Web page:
Consider trees first - if you don't already have them. In the south, next month is the time to plant. Where do they need to go to offer the best shade in the summer - sometimes hard to determine in the winter. Maybe you want lots of different tress. Keep in mind that more trees = less sun (can be a good or bad thing depending on where you live).

Once you've determined trees, then consider what else you want - beds around the house, beds around trees, freestanding beds, etc. You'll also have to decide if you want annuals (replace every year). Usually people do a mix of evergreens and/or grasses and annuals, but some have done rock beds with non-living boulders and other amusing pieces.

At both of our houses were marked the beds out with field spray paint - I'm sure there's another name for it. It's the kind of spray paint that you spray upside down to usually mark sports fields. Take a picture of that - print it out on you home printer and add measurements - to a local nursery or the Master Gardeners - they'll help you.

Also, we decided to wait on other landscaping until that around the house was done. (For budget sake)
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Old 01-05-2013, 12:45 PM   #9
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If you buy plants yourself, make sure to save the receipts. Most stores will replace them if they die within the first year.
LOL...I learned that the hard way... :P
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Old 01-05-2013, 12:58 PM   #10
kirstenb1
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Go to the library and check out books on landscaping. I've used both Southern Living, and Better Homes and Gardens books. Our builder left several trees close to the house. I used them as a starting point by surrounding them with a giant perennial bed. Think about how you want your yard to look in all different seasons. For instance, I have periwinkle as a ground cover. It stays green all winter, so gives some color and texture. I also have heather and ornamental grasses; again, it gives us something to look at in winter. I do have some roses; I guess I'd classify them as my gift to the deer, LOL!!! Seriously, the deer come and just munch the heads right off. So I'd also think carefully about if you'll have animals coming to get a snack. There are a fair number of deer-resistant plantings, things like daffodils.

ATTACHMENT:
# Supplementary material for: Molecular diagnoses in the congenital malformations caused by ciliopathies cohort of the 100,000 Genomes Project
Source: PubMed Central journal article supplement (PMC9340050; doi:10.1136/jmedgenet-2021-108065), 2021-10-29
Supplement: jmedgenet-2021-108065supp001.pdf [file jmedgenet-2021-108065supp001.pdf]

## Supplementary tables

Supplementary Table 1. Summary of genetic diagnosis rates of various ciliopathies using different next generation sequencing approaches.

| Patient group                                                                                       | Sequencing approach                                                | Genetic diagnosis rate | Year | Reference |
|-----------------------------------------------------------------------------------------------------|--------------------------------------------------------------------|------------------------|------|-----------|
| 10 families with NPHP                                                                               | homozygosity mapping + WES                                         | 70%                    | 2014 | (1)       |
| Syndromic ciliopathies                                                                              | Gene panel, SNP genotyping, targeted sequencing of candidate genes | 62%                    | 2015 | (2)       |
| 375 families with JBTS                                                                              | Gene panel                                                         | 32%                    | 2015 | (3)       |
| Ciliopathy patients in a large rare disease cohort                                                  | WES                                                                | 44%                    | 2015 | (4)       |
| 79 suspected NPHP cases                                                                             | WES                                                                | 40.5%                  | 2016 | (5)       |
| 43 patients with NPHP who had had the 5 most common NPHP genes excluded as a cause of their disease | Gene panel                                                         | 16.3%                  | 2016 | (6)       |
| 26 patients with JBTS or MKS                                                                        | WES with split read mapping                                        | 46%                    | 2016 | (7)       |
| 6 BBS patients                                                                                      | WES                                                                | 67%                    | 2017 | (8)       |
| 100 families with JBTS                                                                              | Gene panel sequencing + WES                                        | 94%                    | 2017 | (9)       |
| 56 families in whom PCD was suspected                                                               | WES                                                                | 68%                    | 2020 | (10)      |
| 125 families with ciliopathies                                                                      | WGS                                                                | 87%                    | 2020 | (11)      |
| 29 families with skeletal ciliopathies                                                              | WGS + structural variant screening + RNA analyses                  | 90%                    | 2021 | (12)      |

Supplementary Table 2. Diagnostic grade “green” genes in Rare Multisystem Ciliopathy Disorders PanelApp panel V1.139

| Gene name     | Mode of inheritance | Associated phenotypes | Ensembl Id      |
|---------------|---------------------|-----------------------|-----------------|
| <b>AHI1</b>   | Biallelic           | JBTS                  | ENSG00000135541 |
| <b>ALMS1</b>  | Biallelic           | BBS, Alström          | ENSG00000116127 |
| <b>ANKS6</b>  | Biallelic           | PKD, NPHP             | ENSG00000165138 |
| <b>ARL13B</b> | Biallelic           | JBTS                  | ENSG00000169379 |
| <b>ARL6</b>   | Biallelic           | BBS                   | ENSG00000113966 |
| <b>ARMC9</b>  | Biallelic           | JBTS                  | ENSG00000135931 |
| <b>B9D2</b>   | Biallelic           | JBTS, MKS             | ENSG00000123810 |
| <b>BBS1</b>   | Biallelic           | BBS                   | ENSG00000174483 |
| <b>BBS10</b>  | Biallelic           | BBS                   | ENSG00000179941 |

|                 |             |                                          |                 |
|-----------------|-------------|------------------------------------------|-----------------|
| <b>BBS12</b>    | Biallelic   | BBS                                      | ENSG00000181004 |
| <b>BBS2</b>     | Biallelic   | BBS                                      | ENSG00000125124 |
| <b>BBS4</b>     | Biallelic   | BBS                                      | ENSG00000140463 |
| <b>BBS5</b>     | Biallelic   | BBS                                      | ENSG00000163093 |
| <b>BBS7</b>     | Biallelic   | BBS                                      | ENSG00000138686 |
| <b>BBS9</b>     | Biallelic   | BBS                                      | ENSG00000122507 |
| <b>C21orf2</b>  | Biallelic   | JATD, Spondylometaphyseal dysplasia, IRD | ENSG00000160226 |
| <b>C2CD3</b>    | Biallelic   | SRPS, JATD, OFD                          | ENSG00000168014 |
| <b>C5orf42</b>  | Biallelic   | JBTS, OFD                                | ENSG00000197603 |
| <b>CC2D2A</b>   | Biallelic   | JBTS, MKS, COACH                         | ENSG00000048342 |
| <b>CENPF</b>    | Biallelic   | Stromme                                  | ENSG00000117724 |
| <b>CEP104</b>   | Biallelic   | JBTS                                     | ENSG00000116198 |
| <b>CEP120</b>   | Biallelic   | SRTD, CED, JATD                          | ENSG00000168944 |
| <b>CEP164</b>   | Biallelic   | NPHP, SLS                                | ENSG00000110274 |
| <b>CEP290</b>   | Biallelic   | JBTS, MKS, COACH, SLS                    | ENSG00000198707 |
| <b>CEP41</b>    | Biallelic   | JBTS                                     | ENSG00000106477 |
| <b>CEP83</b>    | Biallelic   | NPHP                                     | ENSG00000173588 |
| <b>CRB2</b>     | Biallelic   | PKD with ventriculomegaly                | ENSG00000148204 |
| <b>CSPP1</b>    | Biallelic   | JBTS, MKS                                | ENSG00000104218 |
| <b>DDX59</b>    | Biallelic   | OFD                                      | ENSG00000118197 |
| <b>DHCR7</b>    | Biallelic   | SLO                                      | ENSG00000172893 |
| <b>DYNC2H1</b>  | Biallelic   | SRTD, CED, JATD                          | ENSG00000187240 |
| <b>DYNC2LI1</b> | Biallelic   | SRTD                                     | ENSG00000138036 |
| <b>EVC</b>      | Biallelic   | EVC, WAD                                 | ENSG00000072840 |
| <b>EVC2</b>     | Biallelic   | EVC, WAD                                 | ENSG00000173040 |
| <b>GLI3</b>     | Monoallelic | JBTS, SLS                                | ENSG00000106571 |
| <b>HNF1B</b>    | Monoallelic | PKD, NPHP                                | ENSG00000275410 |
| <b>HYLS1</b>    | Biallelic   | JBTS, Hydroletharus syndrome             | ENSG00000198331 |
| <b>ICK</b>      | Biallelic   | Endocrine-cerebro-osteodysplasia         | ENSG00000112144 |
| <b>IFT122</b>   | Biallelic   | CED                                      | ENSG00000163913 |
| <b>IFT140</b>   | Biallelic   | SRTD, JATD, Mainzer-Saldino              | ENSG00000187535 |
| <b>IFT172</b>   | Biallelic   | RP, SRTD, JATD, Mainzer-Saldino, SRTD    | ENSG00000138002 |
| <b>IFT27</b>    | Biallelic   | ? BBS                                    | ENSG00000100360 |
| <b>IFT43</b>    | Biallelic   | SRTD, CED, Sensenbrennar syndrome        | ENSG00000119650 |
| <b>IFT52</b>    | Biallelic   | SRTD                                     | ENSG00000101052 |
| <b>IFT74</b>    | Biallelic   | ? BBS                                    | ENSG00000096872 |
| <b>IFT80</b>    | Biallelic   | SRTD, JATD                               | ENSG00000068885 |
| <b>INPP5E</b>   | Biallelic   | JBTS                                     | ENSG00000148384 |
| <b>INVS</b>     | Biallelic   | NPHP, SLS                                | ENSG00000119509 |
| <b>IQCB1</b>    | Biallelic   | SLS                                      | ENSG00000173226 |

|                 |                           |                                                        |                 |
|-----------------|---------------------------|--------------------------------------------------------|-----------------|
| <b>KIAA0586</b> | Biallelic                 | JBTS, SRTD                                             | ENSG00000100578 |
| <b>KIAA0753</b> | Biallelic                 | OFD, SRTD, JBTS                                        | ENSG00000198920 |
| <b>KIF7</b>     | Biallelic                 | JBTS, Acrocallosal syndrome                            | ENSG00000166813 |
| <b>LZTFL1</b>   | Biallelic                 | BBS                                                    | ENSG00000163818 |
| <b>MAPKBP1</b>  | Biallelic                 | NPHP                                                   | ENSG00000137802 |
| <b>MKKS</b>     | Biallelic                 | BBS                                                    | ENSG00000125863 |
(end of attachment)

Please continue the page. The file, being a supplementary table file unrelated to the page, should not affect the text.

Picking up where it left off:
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Old 01-05-2013, 01:42 PM   #11
Sandy61
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If you don't use paint to mark out planting beds, use a garden hose laid on the ground...you can move it around until you find a shape you like.

Ground cover is great. I dug up some from my sister's house and it really spreads. Ajuga and something else I don't know the name of.

Drive around your neighborhood and write down things you like.

Be careful whether something is dwarf or regular size of the same shrub. Dwarf works good in small places and regular can get enormous.

Keep an eye out for neighbors who are dividing plants and giving them away or selling them. Stella d'oro lillies are fantastic because they are one big clump and you don't have to do much. Hostas are divided but need shade.

Pay attention now to what direction your house sits and where you get shade and where you don't. It will be slightly different in the summer.

We have an terrible problem with deer. I think we built the house in their path on the way to a creek. I have used spray and many of our trees and shrubs have cages around them. Even when they are big enough to stand being eaten, the deer then rubbed their antlers up and down then and skinned the trees. The deer love all types of apple, crabapple, burning bush and there are probably many others.

Be ready to plant grass seed and fertilize this spring whenever it is good in your area. We didn't get done with our house until mid-May and had a hot, windy dry summer. We had a hard time getting the yard established.
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Old 01-05-2013, 03:32 PM   #12